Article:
The rising price of true love

And more of the week's best financial insight

Dating app.
(Image credit: Gettyimages)

Here are three of the week's top pieces of financial insight, gathered from around the web:

Taking the mystery out of inheritance

It's time for Baby Boomers to have an awkward talk with their children, said Alexis Leondis in Bloomberg. Over the next 20 years, wealthy Boomers will pass down $70 trillion in "the largest transfer of money in U.S. history," but surveys suggest nobody wants to talk about it. Some Boomers fear ceding control. Others worry the looming windfall will make their offspring "flaky or irresponsible." But "the silence" hampers the younger generation's ability to plan for big expenses, such as college and retirement. Surprises in wills also can spark fights among siblings. A "dialogue about wealth transfer" can start with philanthropy goals. Parents can "give a sense of magnitude" of the estate, and introduce their kids to their financial adviser. "That can go a long way to making an adult child feel part of the conversation."

The rising price of true love

Match is betting that some lonely hearts will pay more — a lot more — for a shot at "true love," said Laura Forman in The Wall Street Journal. The dating-app giant is unveiling a $60-a-month tier for Hinge, as well as a super-premium tier for Tinder, its most popular dating app, that could cost $500 monthly. That price isn't "unprecedented." Some users of The League, "an exclusive dating app Match bought last year," pay "nearly $1,000 for one week of its best features." That success might have convinced Match that users "can and will pay up" on other apps too. But The League is a "niche" product. Going rates on typical dating apps are far lower. Besides, as U.K. dating coach Kate Mansfield puts it, "the most confident, attractive, and datable people are most definitely not paying — for anything."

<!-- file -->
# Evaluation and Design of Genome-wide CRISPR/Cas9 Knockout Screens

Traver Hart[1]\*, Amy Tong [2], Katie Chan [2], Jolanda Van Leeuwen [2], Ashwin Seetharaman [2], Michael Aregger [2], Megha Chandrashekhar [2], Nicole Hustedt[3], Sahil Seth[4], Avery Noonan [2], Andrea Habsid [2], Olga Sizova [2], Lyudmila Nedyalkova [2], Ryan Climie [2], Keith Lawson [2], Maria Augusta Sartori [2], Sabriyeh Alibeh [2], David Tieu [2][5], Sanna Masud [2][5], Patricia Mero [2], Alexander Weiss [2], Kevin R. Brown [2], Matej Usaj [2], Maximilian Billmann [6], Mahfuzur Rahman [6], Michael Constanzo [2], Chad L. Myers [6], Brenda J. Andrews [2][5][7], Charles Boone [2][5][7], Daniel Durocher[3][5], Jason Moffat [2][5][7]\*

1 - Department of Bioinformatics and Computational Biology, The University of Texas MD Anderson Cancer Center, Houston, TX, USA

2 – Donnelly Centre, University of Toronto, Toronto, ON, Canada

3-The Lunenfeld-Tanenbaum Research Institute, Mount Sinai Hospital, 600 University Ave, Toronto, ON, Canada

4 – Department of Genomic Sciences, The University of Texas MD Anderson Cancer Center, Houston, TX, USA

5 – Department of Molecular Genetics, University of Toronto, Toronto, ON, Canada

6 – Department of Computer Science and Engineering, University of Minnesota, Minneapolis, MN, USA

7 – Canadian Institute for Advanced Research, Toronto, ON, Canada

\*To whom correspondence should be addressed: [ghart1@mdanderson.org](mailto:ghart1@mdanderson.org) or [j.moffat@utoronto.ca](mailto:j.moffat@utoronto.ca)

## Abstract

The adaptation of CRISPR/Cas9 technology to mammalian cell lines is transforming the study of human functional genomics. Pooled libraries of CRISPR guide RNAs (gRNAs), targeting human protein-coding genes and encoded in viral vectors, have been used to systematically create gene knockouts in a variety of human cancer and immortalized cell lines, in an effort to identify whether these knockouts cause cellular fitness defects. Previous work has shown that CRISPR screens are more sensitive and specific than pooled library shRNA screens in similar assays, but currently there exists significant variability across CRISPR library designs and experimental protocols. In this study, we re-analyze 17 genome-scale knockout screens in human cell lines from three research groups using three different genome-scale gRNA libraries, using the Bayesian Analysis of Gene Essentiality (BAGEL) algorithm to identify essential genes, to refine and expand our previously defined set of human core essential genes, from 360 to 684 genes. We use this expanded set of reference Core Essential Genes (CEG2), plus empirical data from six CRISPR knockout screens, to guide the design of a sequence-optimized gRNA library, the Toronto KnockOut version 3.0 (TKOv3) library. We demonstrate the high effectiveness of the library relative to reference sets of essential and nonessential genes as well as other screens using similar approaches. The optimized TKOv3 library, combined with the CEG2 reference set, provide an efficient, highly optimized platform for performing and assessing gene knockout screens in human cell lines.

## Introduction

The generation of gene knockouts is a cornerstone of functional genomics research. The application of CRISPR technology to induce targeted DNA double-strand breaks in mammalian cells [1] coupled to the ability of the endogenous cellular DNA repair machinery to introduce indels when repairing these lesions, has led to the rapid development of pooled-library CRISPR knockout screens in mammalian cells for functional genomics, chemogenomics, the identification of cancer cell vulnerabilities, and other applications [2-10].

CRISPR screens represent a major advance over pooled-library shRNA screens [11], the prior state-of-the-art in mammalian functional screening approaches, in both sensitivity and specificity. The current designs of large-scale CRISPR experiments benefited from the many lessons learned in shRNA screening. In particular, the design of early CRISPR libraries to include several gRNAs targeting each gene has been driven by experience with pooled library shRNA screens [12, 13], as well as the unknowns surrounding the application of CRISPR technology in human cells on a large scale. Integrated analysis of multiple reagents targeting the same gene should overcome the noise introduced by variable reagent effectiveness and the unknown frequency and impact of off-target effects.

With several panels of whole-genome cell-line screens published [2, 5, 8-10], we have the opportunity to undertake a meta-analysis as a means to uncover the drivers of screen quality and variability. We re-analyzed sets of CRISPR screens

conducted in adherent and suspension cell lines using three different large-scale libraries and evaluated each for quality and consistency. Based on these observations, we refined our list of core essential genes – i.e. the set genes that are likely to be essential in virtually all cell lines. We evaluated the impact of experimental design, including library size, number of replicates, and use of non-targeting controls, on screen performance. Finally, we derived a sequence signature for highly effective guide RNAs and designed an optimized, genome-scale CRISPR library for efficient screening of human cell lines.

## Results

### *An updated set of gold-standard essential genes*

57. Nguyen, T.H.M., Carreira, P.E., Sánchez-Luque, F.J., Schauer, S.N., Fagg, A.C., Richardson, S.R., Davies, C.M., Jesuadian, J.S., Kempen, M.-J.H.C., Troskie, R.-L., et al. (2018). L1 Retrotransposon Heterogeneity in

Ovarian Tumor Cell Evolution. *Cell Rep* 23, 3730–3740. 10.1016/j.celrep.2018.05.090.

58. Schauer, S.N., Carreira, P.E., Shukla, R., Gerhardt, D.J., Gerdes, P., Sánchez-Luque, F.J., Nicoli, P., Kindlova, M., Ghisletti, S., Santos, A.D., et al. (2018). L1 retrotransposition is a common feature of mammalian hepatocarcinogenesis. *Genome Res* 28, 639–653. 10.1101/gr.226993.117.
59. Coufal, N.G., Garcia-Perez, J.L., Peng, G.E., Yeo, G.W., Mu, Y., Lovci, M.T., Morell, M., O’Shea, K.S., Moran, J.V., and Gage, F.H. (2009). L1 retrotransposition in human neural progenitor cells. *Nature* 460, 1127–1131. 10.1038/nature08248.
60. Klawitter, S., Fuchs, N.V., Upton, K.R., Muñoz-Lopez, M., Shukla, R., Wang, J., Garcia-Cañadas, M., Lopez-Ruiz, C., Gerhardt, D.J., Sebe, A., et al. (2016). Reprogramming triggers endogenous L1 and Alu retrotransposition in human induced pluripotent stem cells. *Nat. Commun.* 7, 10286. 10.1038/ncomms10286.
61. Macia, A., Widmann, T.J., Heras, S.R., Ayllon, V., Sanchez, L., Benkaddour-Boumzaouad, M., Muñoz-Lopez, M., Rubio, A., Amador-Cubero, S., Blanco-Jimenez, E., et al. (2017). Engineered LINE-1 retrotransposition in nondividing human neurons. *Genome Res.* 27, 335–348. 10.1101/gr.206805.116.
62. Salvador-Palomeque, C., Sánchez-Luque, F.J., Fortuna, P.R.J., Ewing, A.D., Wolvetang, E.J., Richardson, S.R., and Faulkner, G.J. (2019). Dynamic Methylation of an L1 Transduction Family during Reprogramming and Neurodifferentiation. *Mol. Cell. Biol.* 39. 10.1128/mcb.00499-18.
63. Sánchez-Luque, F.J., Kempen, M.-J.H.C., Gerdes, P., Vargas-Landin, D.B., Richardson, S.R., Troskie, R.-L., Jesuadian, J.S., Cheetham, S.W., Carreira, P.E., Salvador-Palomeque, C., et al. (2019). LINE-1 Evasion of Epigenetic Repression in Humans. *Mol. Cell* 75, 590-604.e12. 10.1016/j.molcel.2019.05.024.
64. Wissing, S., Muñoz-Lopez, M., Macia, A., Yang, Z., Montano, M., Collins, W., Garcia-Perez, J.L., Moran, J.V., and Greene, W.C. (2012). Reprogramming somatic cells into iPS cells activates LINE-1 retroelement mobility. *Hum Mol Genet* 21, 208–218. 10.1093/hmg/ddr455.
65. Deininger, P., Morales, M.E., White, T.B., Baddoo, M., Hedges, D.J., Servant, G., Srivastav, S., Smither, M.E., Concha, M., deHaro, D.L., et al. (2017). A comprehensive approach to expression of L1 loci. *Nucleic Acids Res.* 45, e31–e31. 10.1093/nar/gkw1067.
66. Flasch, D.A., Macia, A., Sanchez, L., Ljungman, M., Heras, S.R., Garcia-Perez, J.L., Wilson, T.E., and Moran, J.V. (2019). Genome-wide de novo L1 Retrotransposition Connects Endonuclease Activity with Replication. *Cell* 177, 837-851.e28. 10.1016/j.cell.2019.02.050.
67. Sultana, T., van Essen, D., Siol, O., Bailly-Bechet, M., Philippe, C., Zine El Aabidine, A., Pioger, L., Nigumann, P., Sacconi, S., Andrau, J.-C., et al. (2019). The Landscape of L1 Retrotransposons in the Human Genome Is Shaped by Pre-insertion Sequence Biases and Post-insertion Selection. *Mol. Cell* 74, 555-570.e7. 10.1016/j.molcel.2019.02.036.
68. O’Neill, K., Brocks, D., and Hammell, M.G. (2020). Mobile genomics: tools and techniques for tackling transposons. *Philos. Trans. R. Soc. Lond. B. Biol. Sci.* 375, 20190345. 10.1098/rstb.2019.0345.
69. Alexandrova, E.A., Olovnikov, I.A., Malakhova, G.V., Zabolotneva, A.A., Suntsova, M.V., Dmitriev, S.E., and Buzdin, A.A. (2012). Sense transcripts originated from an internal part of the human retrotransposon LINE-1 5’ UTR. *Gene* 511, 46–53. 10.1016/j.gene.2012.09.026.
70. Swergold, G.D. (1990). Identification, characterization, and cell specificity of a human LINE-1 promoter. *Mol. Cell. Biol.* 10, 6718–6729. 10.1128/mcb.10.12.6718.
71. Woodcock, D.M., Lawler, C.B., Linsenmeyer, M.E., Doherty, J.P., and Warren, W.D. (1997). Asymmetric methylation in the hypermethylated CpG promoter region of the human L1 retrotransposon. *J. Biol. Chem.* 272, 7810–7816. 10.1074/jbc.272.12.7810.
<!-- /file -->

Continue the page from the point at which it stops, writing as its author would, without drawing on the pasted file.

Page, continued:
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Working hard for passive income

Americans have become obsessed with making "passive income," said Lisa Rabasca Roepe in The New York Times. Search for the term on YouTube, TikTok, or Reddit "and you'll find a wealth of videos by people claiming they make thousands of dollars each month." The plans generally involve selling courses, ​e-books, and other products online. The theory is that these gigs are "easier than a traditional 9-to-5 'job.'" Usually, unfortunately, they are not. Luca Alboretti, a 28-year-old in New Jersey, thought he could combine a passion with an internet business, and spent $5,000 on sourcing and testing golf products for an online store. His total sales after a year? A paltry $300.

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